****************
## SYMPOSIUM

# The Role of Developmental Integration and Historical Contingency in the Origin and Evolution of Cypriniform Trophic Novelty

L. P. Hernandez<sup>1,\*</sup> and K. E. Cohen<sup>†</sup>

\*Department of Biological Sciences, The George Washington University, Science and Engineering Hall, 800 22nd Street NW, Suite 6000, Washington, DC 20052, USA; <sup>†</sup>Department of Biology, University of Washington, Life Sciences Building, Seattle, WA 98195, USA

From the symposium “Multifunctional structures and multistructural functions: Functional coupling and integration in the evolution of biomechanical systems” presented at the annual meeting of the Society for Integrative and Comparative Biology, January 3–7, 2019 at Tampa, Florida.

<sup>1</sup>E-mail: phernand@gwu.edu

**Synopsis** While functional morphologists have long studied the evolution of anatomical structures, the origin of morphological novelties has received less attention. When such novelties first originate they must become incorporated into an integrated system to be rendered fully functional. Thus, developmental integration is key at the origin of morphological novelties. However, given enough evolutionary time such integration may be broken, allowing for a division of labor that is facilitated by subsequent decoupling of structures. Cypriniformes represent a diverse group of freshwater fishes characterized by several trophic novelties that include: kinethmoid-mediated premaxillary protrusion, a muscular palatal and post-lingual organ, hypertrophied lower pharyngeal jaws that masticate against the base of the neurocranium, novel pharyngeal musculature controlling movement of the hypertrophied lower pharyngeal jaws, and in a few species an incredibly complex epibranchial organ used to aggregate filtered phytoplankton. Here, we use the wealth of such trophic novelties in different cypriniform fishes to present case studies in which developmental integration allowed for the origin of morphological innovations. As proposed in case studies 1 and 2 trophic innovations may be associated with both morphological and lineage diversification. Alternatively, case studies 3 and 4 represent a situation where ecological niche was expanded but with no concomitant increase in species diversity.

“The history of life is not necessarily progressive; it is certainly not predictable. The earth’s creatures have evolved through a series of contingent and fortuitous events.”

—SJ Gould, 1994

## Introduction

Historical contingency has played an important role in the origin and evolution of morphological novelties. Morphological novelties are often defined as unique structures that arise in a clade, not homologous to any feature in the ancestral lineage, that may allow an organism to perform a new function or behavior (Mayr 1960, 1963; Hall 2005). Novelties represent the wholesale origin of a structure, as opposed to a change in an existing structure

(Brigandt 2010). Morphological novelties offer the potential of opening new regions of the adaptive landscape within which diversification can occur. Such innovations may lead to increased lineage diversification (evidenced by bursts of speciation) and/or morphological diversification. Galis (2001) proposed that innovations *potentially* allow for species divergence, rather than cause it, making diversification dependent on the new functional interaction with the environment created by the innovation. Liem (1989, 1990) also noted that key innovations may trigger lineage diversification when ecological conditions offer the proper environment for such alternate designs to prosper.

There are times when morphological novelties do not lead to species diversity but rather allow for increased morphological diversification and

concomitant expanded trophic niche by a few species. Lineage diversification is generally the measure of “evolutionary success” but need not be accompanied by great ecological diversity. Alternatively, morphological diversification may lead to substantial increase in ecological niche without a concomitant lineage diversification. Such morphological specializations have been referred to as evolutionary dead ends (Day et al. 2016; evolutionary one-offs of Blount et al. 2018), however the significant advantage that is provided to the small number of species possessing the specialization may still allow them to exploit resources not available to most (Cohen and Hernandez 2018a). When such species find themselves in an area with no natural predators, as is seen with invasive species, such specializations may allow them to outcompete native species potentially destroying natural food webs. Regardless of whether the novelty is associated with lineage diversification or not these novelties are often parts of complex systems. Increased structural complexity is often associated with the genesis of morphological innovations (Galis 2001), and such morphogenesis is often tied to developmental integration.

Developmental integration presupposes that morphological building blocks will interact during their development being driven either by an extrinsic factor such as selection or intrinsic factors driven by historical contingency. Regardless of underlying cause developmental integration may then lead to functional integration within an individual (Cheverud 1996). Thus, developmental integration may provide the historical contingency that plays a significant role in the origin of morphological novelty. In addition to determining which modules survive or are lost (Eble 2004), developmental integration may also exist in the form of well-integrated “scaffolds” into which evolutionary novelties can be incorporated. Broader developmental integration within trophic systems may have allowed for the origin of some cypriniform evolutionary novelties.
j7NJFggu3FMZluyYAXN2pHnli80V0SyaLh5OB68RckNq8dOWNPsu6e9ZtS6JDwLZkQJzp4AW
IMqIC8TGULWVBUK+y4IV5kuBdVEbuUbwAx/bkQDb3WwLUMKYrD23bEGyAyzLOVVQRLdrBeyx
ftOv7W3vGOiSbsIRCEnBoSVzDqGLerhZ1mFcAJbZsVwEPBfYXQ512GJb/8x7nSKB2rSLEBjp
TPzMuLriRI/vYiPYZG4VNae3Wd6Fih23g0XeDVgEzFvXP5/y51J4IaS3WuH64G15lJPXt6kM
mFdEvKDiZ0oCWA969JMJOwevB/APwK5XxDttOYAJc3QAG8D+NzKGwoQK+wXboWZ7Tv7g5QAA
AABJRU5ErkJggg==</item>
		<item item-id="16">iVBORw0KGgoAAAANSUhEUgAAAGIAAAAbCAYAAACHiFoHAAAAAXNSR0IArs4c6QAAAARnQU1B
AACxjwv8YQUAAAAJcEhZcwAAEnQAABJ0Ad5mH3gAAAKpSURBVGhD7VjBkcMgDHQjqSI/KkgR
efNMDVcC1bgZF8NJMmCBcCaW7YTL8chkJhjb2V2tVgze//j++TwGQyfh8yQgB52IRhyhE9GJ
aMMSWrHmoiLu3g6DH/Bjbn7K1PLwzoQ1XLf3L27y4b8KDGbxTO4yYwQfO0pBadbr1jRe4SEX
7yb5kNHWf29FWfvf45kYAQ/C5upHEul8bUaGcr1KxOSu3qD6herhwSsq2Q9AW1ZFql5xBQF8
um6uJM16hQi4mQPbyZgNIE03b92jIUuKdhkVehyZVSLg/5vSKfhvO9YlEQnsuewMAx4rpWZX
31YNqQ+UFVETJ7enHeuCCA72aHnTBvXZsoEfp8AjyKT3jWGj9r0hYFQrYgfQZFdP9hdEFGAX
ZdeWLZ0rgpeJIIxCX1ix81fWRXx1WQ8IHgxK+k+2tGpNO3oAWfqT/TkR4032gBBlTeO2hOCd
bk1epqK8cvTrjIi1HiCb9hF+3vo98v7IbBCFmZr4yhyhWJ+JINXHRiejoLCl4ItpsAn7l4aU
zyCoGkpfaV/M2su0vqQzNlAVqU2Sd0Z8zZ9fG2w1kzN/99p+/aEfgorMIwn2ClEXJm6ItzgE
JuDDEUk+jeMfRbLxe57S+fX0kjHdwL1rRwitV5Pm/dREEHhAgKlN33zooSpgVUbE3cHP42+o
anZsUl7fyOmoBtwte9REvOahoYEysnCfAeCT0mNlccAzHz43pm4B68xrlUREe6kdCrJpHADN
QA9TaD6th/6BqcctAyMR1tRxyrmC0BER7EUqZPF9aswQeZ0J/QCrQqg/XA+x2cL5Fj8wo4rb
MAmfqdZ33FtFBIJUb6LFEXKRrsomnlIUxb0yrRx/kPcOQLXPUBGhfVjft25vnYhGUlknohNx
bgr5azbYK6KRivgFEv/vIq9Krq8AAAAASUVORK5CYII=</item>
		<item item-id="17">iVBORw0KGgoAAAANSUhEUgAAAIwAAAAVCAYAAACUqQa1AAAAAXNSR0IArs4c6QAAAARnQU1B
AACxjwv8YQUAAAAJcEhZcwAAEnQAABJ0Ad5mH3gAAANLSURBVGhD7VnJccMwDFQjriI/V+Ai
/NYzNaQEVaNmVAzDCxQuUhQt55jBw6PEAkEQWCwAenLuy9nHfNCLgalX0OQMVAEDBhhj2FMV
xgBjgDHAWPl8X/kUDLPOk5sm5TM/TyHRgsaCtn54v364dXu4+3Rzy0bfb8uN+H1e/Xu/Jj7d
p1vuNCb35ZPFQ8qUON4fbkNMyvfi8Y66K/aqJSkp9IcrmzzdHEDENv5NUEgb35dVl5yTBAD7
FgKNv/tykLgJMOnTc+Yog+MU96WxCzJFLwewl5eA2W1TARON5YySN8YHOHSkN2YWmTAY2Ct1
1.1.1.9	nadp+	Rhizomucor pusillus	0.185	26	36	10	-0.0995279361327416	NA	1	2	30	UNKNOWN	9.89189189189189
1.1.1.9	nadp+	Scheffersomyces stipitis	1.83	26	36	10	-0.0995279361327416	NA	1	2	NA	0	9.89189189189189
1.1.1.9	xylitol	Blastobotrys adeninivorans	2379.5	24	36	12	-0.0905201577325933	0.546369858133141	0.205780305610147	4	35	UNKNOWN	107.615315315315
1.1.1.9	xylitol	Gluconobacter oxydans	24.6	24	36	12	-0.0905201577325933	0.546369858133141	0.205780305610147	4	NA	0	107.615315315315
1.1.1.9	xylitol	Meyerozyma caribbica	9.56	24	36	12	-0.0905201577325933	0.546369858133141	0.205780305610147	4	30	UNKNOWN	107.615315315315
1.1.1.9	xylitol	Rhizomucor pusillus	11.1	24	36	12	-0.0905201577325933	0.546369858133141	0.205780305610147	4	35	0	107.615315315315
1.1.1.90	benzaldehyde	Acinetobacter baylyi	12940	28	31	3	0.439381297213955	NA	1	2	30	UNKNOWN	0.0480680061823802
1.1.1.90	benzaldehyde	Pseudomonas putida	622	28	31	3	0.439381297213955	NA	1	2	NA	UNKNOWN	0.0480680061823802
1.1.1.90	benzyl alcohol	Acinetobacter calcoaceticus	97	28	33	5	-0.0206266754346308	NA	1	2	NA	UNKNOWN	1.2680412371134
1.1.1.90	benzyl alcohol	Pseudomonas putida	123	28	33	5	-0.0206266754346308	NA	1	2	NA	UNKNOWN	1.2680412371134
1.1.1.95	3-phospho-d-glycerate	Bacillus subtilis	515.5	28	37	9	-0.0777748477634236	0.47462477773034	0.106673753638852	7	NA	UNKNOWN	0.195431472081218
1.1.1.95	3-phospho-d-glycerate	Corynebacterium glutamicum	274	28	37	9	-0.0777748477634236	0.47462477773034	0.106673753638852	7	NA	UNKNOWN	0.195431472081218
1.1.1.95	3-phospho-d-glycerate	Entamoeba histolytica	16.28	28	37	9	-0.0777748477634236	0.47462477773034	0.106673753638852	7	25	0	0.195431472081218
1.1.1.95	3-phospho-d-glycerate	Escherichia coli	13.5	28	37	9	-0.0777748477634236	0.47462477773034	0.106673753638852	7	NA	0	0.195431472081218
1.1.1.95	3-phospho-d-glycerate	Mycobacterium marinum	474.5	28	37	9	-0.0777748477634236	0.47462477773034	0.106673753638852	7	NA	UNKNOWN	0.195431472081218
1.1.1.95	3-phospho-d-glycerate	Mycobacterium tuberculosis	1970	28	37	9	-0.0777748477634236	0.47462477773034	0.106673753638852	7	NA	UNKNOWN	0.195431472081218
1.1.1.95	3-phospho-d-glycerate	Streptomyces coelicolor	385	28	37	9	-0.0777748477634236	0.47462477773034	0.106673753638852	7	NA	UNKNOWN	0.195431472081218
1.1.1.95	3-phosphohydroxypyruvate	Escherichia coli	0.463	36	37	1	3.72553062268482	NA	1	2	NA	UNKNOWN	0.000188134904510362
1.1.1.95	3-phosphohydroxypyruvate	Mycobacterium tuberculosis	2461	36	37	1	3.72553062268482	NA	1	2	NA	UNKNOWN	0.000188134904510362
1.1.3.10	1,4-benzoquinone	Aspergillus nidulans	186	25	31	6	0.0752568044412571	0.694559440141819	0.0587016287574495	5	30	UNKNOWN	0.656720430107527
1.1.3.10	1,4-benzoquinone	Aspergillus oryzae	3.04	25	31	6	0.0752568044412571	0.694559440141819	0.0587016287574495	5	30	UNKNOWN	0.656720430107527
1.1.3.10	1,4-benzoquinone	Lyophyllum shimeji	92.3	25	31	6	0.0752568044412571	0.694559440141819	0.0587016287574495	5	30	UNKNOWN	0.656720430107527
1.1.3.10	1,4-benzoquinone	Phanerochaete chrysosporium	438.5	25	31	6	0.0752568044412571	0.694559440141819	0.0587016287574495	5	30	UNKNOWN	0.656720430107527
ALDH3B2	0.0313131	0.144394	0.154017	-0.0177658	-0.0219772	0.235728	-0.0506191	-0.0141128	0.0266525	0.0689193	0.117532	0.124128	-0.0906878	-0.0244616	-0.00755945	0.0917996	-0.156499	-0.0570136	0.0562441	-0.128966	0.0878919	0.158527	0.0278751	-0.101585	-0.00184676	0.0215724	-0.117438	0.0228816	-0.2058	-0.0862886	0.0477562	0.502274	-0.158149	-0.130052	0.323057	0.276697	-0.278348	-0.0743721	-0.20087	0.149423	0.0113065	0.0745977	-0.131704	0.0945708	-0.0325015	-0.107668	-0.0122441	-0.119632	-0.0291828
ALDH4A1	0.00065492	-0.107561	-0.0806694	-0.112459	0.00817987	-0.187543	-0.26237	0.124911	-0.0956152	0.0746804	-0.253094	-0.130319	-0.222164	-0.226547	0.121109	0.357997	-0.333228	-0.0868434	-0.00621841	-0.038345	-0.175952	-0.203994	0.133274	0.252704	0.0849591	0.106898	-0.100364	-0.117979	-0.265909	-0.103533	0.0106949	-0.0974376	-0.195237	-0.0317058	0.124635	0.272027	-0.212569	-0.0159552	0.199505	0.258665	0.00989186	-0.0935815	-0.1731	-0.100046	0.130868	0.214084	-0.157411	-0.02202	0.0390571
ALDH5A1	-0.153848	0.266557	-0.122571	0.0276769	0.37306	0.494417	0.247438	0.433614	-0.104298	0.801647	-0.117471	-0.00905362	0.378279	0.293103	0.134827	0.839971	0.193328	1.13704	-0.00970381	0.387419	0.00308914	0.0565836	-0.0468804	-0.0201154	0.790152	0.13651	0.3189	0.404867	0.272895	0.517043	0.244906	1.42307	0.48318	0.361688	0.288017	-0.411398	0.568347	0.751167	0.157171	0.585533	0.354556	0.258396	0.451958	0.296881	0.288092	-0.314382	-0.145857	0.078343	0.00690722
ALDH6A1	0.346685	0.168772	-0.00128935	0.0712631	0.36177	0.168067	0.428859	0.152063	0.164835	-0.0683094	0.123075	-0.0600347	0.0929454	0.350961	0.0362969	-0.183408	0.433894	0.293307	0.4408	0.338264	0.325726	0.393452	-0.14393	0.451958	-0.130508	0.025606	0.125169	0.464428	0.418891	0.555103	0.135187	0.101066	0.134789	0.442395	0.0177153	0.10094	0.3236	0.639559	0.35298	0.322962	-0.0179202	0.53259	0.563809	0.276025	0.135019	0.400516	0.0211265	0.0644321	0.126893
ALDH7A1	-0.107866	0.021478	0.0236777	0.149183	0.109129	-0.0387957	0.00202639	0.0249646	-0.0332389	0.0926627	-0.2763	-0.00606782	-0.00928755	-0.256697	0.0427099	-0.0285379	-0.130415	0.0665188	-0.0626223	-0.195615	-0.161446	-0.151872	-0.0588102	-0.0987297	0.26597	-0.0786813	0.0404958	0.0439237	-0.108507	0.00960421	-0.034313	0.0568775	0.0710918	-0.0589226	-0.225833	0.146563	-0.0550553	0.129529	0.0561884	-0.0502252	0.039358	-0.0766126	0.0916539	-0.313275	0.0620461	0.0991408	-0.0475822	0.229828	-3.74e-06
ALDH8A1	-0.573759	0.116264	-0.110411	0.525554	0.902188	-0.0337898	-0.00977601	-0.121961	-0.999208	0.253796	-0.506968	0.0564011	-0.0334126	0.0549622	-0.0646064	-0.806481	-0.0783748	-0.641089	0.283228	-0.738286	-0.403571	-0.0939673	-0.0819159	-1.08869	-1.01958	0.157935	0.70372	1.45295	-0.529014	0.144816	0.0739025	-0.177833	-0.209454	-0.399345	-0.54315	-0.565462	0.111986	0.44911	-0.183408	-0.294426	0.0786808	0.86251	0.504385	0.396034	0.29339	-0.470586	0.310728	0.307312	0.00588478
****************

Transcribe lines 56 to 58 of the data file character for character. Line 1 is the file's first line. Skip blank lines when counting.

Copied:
1.1.1.95	3-phospho-d-glycerate	Escherichia coli	13.5	28	37	9	-0.0777748477634236	0.47462477773034	0.106673753638852	7	NA	0	0.195431472081218
1.1.1.95	3-phospho-d-glycerate	Mycobacterium marinum	474.5	28	37	9	-0.0777748477634236	0.47462477773034	0.106673753638852	7	NA	UNKNOWN	0.195431472081218
1.1.1.95	3-phospho-d-glycerate	Mycobacterium tuberculosis	1970	28	37	9	-0.0777748477634236	0.47462477773034	0.106673753638852	7	NA	UNKNOWN	0.195431472081218